DOT Use of Lump Sum Contracts for Design Tasks

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DOT Use of Lump Sum Contracts for Design Tasks

Prepared for

Bureau of Project Development Prepared by

CTC & Associates LLC WisDOT Research & Library Unit

November 28, 2011

Transportation Synthesis Reports are brief summaries of currently available information on topics of interest to WisDOT staff throughout the department. Online and print sources for TSRs include NCHRP and other TRB programs, AASHTO, the research and practices of other transportation agencies, and related academic and industry research. Internet hyperlinks in TSRs are active at the time of publication, but changes on the host server can make them obsolete. To request a TSR, e-mail research@dot.wi.gov or call (608) 267-6977.

Request for Report

WisDOT was interested in learning from the practices and experiences of other state DOTs that have used lump sum consultant contracts for design tasks. In this survey, “lump sum” contracts call for the consultant to invoice and be paid according to the estimated percentage of work completed toward the total contract amount. This differs from “cost not to exceed” contracts that pay invoices based on actual costs submitted not to exceed the total contract amount.

Summary

This report is divided into two sections: • Related Resources

• Survey Results Related Resources

We have included guidance on lump sum contracting available online from the FHWA and two state DOTs—Alaska and Florida.

Survey Results

We distributed a survey to members of the AASHTO Research Advisory Committee for completion by appropriate staff at their agencies. The survey consisted of the following questions:

1. Does your agency use lump sum contracting for highway design work performed by consultants? (Yes/No) 2. If you answered no to question 1:

a. Please provide a brief explanation of your policy and, if possible, provide a copy of or link to your agency’s guidance documents where the policy is explained.

b. Please indicate if this contracting type is something your agency has considered and decided not to utilize. If possible, please provide the reasons or rationale for this decision.

3. If you answered yes to question 1:

a. Approximately what percentage of your total consultant design work is performed through lump sum contracting?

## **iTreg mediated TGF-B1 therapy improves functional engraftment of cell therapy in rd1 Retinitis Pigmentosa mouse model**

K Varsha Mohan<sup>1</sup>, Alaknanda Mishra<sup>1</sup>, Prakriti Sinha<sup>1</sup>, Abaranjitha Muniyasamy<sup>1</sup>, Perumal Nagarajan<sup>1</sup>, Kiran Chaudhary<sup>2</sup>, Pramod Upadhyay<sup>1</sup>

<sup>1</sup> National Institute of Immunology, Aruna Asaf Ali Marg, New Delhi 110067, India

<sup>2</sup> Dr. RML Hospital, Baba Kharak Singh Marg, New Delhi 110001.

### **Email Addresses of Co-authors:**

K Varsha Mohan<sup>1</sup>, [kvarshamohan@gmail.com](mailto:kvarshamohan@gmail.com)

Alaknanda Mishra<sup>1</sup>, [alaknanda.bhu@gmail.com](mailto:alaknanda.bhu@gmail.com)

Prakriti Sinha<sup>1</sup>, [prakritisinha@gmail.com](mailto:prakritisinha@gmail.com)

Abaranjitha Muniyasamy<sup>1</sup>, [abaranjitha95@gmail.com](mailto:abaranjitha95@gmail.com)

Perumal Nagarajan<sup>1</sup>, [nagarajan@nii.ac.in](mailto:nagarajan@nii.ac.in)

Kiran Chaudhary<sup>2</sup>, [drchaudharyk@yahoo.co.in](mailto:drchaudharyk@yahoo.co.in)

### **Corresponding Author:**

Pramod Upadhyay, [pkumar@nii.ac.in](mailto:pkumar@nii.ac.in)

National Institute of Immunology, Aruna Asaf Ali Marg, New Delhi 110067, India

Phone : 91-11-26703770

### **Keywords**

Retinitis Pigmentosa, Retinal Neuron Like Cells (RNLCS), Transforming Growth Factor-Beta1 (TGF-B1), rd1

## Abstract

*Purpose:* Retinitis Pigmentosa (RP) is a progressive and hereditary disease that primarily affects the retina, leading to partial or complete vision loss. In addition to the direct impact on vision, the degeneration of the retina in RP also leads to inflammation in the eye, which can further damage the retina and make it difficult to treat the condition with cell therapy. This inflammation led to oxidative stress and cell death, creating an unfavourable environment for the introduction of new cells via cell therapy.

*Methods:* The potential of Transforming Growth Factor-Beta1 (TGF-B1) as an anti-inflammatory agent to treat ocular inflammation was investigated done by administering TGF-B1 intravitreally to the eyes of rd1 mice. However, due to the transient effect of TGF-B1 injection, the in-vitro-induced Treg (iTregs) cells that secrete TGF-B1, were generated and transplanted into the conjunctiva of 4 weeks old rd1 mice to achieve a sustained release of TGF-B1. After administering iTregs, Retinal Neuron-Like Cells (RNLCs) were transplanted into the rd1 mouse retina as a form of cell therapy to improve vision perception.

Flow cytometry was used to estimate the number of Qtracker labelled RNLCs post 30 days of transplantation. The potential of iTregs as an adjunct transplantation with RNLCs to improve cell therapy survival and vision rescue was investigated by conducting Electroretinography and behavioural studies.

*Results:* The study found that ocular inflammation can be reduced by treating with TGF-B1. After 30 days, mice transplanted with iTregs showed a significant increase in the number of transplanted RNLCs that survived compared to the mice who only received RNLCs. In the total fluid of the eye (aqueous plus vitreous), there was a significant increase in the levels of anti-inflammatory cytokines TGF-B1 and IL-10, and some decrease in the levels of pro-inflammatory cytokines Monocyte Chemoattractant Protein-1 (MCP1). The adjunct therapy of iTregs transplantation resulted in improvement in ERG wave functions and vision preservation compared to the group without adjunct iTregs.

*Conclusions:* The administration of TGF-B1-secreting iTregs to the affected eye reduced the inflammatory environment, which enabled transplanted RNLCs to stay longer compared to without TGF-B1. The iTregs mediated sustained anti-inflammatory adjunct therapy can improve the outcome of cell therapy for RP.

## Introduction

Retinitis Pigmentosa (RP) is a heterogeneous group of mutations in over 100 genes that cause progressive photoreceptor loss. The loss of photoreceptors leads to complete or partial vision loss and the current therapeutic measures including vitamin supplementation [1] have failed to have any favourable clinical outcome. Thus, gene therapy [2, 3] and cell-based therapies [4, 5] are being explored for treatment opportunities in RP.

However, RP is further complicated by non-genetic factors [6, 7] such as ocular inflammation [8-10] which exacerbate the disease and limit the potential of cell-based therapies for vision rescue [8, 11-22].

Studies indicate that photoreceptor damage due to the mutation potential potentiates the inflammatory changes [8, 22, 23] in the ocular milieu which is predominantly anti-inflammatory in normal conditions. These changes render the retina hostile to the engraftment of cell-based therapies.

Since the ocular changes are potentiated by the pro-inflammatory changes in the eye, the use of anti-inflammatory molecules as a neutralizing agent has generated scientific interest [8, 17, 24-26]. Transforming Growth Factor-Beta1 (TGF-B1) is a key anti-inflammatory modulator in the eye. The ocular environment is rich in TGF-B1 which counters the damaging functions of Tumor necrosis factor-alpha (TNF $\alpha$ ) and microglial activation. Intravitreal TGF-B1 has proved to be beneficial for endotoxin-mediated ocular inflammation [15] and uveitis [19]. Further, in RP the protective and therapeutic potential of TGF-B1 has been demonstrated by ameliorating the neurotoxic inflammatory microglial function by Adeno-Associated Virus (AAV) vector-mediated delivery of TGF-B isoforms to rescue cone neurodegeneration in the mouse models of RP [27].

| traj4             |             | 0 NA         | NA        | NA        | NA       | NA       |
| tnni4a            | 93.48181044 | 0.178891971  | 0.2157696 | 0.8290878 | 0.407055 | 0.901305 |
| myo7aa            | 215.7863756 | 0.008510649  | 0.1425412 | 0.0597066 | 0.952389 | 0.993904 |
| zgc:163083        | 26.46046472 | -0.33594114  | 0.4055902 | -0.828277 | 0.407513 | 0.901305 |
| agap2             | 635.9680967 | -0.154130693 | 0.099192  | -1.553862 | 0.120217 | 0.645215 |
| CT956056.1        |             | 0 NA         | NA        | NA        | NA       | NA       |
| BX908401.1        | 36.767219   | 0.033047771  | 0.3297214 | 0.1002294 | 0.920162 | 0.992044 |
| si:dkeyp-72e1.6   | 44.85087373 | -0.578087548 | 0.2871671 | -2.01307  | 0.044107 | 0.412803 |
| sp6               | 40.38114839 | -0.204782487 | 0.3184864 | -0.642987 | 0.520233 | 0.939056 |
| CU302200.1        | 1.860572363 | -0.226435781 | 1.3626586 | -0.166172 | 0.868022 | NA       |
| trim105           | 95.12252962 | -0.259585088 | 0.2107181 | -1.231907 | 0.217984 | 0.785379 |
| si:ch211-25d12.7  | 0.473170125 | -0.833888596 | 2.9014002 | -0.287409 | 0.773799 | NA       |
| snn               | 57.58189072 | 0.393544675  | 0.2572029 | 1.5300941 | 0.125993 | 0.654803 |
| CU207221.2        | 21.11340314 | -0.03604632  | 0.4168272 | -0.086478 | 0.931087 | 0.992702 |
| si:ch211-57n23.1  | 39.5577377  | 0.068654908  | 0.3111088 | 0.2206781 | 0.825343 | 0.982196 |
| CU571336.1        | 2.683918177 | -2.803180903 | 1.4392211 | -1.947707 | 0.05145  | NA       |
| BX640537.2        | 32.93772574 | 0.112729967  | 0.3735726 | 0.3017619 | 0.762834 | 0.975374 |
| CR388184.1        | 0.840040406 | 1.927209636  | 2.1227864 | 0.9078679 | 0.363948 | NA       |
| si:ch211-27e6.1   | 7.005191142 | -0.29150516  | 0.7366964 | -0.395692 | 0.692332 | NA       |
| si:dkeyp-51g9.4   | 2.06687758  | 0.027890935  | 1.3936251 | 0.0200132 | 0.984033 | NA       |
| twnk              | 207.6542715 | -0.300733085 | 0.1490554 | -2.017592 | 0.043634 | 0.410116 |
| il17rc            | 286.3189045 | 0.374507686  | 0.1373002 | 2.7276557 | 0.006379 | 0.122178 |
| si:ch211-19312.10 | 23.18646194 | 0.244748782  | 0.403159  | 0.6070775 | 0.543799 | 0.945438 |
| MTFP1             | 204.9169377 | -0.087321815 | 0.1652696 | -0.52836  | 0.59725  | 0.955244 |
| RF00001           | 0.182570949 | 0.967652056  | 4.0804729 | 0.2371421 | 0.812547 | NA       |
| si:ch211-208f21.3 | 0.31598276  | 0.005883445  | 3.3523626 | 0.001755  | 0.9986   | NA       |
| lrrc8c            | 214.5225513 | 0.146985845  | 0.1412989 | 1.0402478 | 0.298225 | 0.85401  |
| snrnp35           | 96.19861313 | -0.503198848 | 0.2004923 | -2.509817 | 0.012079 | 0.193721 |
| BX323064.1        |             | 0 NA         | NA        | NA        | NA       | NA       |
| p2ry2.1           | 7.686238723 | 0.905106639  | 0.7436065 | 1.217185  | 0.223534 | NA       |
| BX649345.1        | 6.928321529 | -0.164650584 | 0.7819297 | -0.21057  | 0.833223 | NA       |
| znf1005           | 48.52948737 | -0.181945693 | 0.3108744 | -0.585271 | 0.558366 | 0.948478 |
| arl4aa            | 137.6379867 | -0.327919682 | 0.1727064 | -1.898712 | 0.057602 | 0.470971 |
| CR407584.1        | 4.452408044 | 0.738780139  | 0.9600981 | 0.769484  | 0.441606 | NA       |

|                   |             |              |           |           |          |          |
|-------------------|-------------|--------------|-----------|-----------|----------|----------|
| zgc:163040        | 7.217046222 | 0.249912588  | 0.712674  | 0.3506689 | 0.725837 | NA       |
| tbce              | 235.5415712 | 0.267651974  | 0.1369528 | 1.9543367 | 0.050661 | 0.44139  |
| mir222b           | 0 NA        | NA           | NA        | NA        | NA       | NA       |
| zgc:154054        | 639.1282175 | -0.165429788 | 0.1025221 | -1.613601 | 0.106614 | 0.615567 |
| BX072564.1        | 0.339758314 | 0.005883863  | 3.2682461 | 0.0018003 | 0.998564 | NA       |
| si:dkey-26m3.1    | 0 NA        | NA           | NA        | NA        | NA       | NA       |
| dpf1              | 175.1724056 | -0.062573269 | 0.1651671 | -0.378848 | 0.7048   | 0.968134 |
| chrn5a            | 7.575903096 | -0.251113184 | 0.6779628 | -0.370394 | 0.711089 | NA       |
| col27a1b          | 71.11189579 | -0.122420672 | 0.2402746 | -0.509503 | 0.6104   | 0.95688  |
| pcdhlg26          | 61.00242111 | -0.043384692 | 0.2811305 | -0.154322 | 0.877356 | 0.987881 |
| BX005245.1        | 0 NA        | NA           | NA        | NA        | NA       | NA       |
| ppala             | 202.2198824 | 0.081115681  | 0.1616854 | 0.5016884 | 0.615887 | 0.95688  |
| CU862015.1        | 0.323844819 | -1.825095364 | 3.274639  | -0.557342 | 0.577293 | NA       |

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4. Who in your agency may we contact with further questions? (Name, email address, phone number)

Staff at seven state DOTs responded to this survey. Five out of seven respondents use lump sum contracting, usually for a small percentage of low dollar value contracts where the scope is well-defined. See Survey Results beginning on page 3 of this report for the full text of these survey responses.

Related Resources

Alternative Payment and Progress Reporting Methods, Federal Highway Administration, 2005. http://www.fhwa.dot.gov/programadmin/contracts/etgpayment.cfm

This white paper examines the use of alternative payment strategies for contracts, including lump sum contracting. The authors note that:

Certain projects lend themselves more readily to the use of lump sum contracting. Florida and Alaska DOT’s Lump Sum Project Guidelines recommend that lump sum contracts are best applied to relatively simple projects with a well-defined scope, a low risk of unforeseen conditions, and not likely to change in scope or provide less than the required quantities. Some examples of projects that fit these criteria are bridge painting, fencing or guardrail installation, intersection improvements where utilities are known, landscaping, lighting, minor road widening, simple milling or resurfacing, signage, traffic signals, and sidewalks. Florida and Alaska DOTs also identify projects that will not make good candidates for lump sum contracts. These include urban construction, major rehabilitation or repair, subsurface earthwork, concrete pavement repairs, and similar projects where quantities are unknown or difficult to estimate, or may change significantly during construction. The paper includes a table of 14 states that are using lump sum contracts for different types of projects

(http://www.fhwa.dot.gov/programadmin/contracts/etgpaytab.cfm#fig1) as well as a list of best practices for lump sum contracting:

• Choose projects or items that have less likelihood for unknowns or variability, and that will benefit with greater contractor control over the performance of the work.

• Carefully define scope of work or performance criteria. Well-prepared lump sum documents should include items like sections and details for typical work and unique conditions, plans with accurate existing

conditions, and notes to describe work that cannot be accurately depicted in plan form. The work should be identified as lump sum before the design of the project so that the bid documents can be prepared

accordingly.

• Perform a preliminary estimate for the project (or the lump sum items in the project) and for the

contingency fund. The DOT project engineer can accomplish this task using normal estimating techniques or by using historical data for similar projects.

• Conduct pre-bid meetings to answer contractors’ questions and clear up any ambiguous documentation. The more informed the contractors are in preparing their bids, the more accurate the bids will be, and the more successful the use of lump sum payments will be.

• Develop guidelines for development and administration of lump sum projects.

Lump Sum Project Guidelines, Alaska Department of Transportation and Public Facilities, January 2003. http://www.dot.state.ak.us/stwddes/dcsmisc/assets/pdf/lumpsum/lumpsum0103.pdf

This document includes guidance on when to use lump sum contracts:

Lump sum contracting should be used on fixed projects. “Fixed” refers to the work activity, not the project cost. Fixed projects are:

• Projects with well-defined scope, quantities, and limits of work, and a low probability of change • Projects with low risk of unforeseen conditions (for example, projects that do not involve such things